When Eagulls gatecrashed their way onto David Letterman's Late Show last month it felt like a pivotal moment in music television, alongside Huggy Bear on The Word in 1993 or The Stone Roses appearance on BBC2's The Late Show four years earlier. Call it deserved recognition after four years' hard graft or the first step towards the inevitable international acclaim that awaits, it served as a gallant reminder to any struggling UK band that perseverance does reap rewards every once in a while.
Not that Eagulls' elevation to the UK's next big musical exports in waiting can be put down to good fortune. The line-up remains the same as the five-piece I witnessed at 2010's In The City showcase, playing songs with titles like 'Jackson Bollocks' while screaming "You're an art fag!" that "Eagulls" are an entirely different proposition to the one standing before us today. For a band who've spent four years patiently honing their craft, their long awaited debut is a glowing document of how to successfully undertake transition on an epic scale.
The premature signs of this transition were there in the summer of 2012. That was when the five track Eagulls EP unveiled a significant metamorphosis that laid the foundations for what was to follow. Comparisons with The Cribs may have been bandied around from their earlier days - largely due to logistics and singer George Mitchell's vocal stylings - yet here was a band whose sound had undergone a distinctive transformation. While still undoubtedly in thrall to all things DIY and punk rock, they'd clearly been listening to what came next. Most notably Killing Joke. If further proof were required then last year's 'Nerve Endings' was the icing on the cake. Its buzzsaw guitars and colossal backbeat - redolent of Killing Joke's classic What's This For long player - complete with Mitchell's disturbingly frantic vocal combined to make it one of 2013's best 45s. Meanwhile, on the flipside was a cover of Killing Joke's 'Requiem', faithful to the original clearly but clearly bearing the Eagulls hallmark.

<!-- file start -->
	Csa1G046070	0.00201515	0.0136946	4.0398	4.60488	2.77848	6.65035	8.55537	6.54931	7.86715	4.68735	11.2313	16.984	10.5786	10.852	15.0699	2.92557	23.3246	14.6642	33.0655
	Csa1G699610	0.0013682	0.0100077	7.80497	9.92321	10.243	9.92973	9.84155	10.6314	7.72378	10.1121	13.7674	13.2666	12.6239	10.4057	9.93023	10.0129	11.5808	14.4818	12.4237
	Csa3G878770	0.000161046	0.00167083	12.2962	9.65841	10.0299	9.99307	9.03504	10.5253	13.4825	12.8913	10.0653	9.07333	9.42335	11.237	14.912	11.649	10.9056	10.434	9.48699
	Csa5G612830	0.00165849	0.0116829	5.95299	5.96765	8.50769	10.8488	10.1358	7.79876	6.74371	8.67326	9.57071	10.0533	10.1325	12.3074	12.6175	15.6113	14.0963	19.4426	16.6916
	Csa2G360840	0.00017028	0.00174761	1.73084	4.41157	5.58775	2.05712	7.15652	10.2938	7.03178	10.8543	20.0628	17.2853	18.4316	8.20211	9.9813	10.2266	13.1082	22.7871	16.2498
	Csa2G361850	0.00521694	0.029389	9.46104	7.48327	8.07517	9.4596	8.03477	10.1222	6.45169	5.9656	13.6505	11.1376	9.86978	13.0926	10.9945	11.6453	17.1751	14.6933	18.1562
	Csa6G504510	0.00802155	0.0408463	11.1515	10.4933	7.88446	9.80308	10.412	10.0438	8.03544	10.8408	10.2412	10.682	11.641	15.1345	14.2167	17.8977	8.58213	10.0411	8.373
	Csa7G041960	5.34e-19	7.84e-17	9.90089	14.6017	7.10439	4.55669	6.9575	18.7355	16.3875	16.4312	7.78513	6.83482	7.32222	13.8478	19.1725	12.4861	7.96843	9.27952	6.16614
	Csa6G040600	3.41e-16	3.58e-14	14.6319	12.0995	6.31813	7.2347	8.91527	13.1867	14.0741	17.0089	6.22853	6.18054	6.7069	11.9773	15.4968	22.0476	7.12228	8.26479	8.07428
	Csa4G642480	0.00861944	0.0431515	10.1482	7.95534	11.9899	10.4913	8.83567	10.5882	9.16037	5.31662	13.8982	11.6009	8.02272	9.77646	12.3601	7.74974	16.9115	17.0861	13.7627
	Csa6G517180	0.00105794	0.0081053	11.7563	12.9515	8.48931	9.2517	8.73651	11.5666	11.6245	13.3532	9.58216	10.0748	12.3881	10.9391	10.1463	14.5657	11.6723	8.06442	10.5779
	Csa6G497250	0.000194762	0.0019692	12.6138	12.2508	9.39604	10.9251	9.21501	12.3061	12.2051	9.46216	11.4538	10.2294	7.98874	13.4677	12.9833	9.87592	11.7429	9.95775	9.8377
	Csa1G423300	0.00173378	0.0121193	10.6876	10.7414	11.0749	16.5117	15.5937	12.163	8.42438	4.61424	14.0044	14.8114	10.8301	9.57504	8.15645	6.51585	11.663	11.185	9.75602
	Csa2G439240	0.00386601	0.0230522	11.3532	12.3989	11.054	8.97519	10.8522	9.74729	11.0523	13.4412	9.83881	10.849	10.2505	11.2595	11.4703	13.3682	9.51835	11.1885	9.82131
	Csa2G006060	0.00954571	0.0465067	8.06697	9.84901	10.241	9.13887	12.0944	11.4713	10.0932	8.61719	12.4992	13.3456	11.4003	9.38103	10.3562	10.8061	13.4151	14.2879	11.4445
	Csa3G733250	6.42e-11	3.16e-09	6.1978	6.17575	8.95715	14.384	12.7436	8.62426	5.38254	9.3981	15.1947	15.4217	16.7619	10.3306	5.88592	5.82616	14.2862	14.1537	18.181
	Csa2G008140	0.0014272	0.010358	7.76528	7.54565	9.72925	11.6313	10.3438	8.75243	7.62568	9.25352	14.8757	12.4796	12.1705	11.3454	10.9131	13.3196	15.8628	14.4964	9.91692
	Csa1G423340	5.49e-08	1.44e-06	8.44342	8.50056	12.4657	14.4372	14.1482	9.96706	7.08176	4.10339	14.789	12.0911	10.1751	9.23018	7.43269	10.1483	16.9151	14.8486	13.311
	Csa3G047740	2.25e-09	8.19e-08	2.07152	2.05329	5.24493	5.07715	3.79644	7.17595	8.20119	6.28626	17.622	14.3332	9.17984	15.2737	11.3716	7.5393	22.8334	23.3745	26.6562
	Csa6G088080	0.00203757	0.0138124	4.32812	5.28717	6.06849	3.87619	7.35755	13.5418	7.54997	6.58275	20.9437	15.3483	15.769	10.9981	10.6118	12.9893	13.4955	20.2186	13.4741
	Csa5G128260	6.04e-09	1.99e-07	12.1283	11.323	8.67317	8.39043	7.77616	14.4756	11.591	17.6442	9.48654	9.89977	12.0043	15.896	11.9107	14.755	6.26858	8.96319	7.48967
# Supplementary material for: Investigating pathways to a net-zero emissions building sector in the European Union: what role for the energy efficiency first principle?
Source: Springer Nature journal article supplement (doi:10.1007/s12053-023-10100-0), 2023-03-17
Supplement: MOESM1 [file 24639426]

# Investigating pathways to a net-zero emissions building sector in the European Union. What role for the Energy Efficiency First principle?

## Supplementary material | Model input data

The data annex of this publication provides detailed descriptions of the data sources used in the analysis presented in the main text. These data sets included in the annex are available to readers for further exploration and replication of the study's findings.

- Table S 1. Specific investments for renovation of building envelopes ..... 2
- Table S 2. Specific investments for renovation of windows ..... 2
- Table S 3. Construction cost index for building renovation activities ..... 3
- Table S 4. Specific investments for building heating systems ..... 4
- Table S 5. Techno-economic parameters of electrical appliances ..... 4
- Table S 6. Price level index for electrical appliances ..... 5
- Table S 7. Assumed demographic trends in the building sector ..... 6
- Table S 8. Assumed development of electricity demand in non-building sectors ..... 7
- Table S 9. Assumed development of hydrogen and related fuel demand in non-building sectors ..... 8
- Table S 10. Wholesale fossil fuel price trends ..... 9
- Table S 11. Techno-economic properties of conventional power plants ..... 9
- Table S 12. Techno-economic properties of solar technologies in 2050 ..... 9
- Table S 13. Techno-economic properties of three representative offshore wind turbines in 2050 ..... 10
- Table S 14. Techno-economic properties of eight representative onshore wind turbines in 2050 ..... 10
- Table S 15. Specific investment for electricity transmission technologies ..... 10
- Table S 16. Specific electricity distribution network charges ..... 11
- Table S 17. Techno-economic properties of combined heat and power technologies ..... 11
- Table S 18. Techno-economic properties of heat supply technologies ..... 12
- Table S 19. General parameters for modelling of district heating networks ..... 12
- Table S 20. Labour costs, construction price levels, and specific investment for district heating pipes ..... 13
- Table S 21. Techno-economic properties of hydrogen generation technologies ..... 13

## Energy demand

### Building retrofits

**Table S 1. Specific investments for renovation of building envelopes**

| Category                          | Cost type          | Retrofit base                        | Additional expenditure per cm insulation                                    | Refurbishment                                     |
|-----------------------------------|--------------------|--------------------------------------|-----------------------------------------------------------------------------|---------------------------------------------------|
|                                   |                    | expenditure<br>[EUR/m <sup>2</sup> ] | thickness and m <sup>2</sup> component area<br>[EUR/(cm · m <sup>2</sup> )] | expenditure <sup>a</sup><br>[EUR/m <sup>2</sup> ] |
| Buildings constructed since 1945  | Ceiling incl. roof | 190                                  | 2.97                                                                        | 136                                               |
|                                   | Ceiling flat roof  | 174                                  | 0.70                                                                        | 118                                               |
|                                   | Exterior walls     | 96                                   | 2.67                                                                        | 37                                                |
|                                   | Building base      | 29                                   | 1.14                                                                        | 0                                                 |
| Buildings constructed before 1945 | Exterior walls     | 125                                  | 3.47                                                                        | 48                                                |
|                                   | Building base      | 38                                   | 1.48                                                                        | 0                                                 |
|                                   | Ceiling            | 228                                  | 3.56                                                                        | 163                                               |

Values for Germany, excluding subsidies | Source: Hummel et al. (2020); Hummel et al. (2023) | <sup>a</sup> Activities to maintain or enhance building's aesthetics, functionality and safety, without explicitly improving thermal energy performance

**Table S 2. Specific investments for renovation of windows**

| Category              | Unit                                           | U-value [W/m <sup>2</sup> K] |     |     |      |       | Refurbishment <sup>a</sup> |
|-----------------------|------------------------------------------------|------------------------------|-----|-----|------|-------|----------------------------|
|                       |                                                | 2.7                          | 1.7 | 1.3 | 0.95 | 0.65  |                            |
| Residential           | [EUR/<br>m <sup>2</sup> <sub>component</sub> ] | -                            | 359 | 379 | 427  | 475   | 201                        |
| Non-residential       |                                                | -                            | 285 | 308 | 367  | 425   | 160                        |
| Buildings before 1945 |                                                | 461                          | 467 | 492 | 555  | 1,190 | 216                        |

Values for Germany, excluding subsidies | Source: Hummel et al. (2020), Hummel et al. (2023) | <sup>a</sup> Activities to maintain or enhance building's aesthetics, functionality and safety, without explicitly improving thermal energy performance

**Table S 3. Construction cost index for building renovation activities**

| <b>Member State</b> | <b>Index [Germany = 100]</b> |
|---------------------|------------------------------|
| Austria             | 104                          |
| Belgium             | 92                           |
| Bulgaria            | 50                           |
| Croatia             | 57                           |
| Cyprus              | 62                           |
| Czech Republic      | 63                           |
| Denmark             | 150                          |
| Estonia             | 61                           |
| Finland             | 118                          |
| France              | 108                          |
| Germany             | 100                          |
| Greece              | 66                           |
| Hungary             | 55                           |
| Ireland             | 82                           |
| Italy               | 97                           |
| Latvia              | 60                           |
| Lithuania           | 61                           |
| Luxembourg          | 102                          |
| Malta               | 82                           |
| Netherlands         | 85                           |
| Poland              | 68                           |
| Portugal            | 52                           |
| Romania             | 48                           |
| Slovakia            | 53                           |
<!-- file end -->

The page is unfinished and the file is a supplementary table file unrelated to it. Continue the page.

Make no mistake about it, despite being unashamed of wearing influences on their sleeves, Eagulls have a sound all of their own. From the twin guitar salvos of Mark Goldsworthy and Liam Matthews through to Tom Kelly and Henry Ruddell's flawless rhythm section crowned by Mitchell's voice of reason, they're an unshakable and on this, their long-awaited first LP, an unstoppable force.
Throughout its ten pieces, Eagulls delivers in every conceivable way. Opening proceedings with that single ('Nerve Endings'), the standard is set from the album's opening bars. 'Hollow Visions' and 'Yellow Eyes' follow suit in rip-roaring fashion, the former's scattergun assault clearing the way for the latter's cautionary build up that evolves into a widescreen cavalcade of effects laden guitars not that dissimilar to the one punctuating The Horrors' last two records. "I can't see it, can't feel it, can't her it..." cries Mitchell in life dependant fashion. Which sums up Eagulls to a large degree in that everything they do and say is believable. Which in turn gives us, the listeners, something worth believing in.
And so it continues. Recent single 'Tough Luck' could be described as 'Eagulls go pop.' Although whether daytime radio playlisters would agree is another matter entirely. 'Amber Veins' sounds like Californian punks Agent Orange in their Living In Darkness heyday, while 'Possessed' does as it says on the tin, Mitchell's vocal performance once again utterly convincing. "You're the pain in my neck!" he screams during the chorus of 'Footsteps', a bass-led stomper resembling a timeless relic from punk's halcyon years.
Entering the record's final third, Eagulls up the ante. The customary thrash of 'Fester Blister' segues indiscriminately into the punkgaze flavoured 'Opaque'. However, the best is saved for last. 'Soulless Youth' builds intensely, Goldsworthy and Matthews swapping riffs before erupting into a sonic maelstrom. "You're soulless inside!" spits Mitchell, oozing vitriol from every pore. It's a pulsating adrenalin rush that collapses under its own weight some six and a bit minutes later. And with it, brings Eagulls to a devastating climax. Ample proof that some things are worth waiting for.
9Dom Gourlay's Score